Once you’re familiar with these, next you’ll want to examine your lease carefully for loopholes that violate these laws. If you can conclusively prove that a portion of your lease is invalid, you may be able to get out of paying the fees your landlord is demanding. Consult with your lawyer to get a sure answer if you’re unclear about any portion of your lease or tenant laws. Many states have a hotline that you can call for free legal advice about landlord-tenant disputes.
Keep a Paper Trail
Since you may end up in a court of law if you dispute your charges, it’s very important for you document everything as thoroughly as possible. Take photos of the damage from multiple angles, with date and time stamps if possible. It’s good to do this when you first move into a new home or apartment. Keep records of all correspondence, and don’t agree to anything verbally with your landlord. Also, keep your tone professional and polite, even if your landlord is being a demon. If you go to court, the tone of your letters will be taken into consideration by the judge.
Remember that the landlord owns your property because he or she wants to make a profit from it. By staying aware of the appropriate laws, and sending polite, yet firm, letters stating your rights and the laws that back them up, you may be able to get them to drop their charges. If you can show that litigation is going to cost them more than the cost of the repairs, they may back off.
Also, landlords are required to keep detailed records of all repairs and cleaning costs. If you’re charge a generic “cleaning” fee when you move out, request an itemized list detailing what they did and how much it cost. If they refuse to do that, then you’ve got a pretty good case. Your state may also require them to keep the invoices of the people they hired to clean your apartment. Ask for those as well if that’s applicable. If they can legitimately show that you owe something, but are trying to take advantage of repairs that are normal wear and tear, own up to the stuff you owe and dispute the rest. Showing that you’re reasonable will go a long way before a small-claims judge.
Seek Legal Advice
If you do all the above, and your landlord still won’t back down, get some legal advice and don’t be afraid to sue. It’s a last resort, but if you have a strong case then it may be worth it. Make sure that you’re suing the right person though! Many property owners hire out property management firms to take care of a property. If an individual manager isn’t doing what they’re told, you may want to talk with the company they work for first. If a lawsuit is necessary, you’ll need to sue the firm and the actual owner to recover any damages. You’ll likely have to go through arbitration or mediation first. Also, ask your lawyer if there are any organizations that might pay your court fees.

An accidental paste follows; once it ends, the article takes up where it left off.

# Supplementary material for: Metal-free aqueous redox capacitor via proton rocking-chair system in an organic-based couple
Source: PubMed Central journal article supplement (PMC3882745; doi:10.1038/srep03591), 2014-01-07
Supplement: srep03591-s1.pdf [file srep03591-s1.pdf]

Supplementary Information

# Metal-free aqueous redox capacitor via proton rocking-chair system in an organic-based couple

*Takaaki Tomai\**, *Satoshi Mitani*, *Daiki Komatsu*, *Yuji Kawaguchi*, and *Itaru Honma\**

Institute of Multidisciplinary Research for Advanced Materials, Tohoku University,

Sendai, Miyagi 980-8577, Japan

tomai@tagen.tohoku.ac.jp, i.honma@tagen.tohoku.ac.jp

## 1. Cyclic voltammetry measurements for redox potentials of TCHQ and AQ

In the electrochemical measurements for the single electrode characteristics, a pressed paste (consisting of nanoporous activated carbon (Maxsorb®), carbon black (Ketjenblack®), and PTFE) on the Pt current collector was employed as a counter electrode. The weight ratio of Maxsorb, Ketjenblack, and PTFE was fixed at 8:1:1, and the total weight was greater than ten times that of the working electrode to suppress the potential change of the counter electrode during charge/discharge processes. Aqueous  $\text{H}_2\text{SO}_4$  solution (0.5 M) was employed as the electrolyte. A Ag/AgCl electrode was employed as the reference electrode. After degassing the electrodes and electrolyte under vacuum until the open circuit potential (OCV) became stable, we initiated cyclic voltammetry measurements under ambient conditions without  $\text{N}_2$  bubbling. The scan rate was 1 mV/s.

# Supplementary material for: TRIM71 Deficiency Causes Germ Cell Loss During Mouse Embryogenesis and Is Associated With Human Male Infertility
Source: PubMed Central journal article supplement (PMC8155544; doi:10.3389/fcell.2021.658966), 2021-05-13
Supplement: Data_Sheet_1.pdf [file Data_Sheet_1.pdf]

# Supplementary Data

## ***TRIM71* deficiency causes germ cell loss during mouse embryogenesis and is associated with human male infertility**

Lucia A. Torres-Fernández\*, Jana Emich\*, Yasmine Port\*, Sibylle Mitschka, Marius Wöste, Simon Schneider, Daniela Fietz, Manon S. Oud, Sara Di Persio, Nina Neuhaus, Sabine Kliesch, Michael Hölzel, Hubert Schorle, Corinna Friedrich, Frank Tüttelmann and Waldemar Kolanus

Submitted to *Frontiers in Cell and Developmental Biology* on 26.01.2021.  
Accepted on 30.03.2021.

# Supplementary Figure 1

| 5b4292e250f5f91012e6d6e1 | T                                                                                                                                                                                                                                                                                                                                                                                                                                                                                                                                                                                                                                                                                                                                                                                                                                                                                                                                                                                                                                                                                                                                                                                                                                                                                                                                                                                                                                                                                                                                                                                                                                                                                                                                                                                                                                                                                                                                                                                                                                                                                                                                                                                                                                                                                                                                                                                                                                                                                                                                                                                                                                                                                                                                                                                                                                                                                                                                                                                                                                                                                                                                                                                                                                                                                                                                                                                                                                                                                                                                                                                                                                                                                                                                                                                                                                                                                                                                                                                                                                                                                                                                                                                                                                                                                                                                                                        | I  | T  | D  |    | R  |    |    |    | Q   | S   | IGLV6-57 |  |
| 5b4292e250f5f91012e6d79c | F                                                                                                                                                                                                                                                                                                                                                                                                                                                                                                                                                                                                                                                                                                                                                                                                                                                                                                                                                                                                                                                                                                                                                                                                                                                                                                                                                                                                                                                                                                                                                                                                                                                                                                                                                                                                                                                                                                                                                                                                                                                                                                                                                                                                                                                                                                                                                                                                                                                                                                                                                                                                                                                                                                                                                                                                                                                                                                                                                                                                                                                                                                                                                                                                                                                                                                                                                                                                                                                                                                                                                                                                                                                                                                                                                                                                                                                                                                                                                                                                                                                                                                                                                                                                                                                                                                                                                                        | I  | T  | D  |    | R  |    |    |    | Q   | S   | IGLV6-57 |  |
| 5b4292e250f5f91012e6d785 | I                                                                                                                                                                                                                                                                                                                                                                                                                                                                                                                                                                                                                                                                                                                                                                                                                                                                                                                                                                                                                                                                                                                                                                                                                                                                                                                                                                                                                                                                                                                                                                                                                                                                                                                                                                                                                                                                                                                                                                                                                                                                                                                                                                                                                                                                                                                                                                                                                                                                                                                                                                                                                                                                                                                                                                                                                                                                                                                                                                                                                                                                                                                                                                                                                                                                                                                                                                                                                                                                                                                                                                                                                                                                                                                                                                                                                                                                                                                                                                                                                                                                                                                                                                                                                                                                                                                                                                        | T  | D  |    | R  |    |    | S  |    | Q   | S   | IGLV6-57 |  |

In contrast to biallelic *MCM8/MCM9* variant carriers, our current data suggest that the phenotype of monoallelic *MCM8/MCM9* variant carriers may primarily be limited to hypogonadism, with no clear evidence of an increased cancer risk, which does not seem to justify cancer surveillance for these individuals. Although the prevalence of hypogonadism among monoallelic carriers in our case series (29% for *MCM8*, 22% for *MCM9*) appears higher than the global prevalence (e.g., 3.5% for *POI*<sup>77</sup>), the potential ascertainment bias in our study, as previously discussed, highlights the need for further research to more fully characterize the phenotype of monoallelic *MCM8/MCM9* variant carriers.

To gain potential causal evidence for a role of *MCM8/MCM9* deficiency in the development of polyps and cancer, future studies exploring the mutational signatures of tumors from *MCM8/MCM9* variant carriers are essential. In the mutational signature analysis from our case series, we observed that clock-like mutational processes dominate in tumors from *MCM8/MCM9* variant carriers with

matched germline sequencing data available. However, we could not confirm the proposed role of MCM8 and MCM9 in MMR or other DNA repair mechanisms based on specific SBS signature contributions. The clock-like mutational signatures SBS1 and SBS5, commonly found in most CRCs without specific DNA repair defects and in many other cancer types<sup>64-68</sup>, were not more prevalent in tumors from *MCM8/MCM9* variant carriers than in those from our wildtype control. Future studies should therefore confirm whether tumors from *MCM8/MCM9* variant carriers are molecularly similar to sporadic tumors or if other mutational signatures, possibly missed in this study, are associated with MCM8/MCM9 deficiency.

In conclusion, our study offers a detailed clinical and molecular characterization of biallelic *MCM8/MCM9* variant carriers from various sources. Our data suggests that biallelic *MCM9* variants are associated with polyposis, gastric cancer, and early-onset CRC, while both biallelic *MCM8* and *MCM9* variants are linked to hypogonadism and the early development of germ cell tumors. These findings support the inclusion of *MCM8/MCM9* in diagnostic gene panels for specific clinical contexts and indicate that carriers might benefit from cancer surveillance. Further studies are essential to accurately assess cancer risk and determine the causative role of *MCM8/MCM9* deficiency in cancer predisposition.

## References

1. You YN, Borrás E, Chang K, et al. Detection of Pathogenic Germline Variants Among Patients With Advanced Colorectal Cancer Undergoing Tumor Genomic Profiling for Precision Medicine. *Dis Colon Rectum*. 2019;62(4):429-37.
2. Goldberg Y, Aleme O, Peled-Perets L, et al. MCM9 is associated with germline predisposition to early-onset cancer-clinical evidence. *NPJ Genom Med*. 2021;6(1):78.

Most landlords want to have a good relationship with their tenants. A tenant that stays in a home means money is coming in for the landlord. Still, there are plenty of greedy landlords out there who will try to take every last bit of cash they can from you. Learn your rights and make sure your landlord knows you’re familiar with the law. Keep calm and polite no matter how much they make you angry or frustrated, and you’ll be well on your way to saving yourself a lot of cash.
For more information, check out FidelisAM, a US based company providing tenant and resident screening services.
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- Posts: 12
how to dispute landlord charges?
Hello! Got a questions here about landlord-tenant dispute for
non-rental related charges.
We moved into a commercial space in a mall 2 years ago and have been
excellent tenants. Never missed 1 payment. We moved out and broker our
lease early. The landlord allowed this but we had to forfeit our
security deposit of $5,000. No problem.
I got a bill yesterday from the landlord for $4,000 in “reapairs”.
Some of the “repairs” are rediculously overprice. For example, putting
a new wallplat on a light switch (ten cents) was billed as $150.
Putting on a new toilet seat ($20) was billed as $500. In addition,
when we moved into the place it was totally trashed and we had to put
in new carpet, paint the walls, etc. which cost us $15,000. Most of
the repair charges he is hitting us with are for cleaning or repairing
the items we had to buy and put into the place to begin with because
the place was such a dump!
Now if we formally dispute this bill with the landlord can he still
send a collection agency after us while it is disputed (that is what he
What usually happens with this stuff? It seems to go to court will cost
as much as what he is asking.
Any opinions on the course of action we should take from here besides
disputing in writing?
You can complain about your landlord if they’re doing something wrong or you’re unhappy with their behaviour, for example if:
- they aren’t doing repairs they’re responsible for
- they’re harassing you, for example by entering your home without your permission
- they discriminate against you, for example by charging you a higher rent or deposit than other tenants because of your nationality, race, age or sex
It’s best to speak to your landlord first to solve your problem. If this doesn’t help there are other steps you can take to complain.
If you have an emergency situation for example, you’re being illegally evicted or threatened with violence you should call the police straightaway.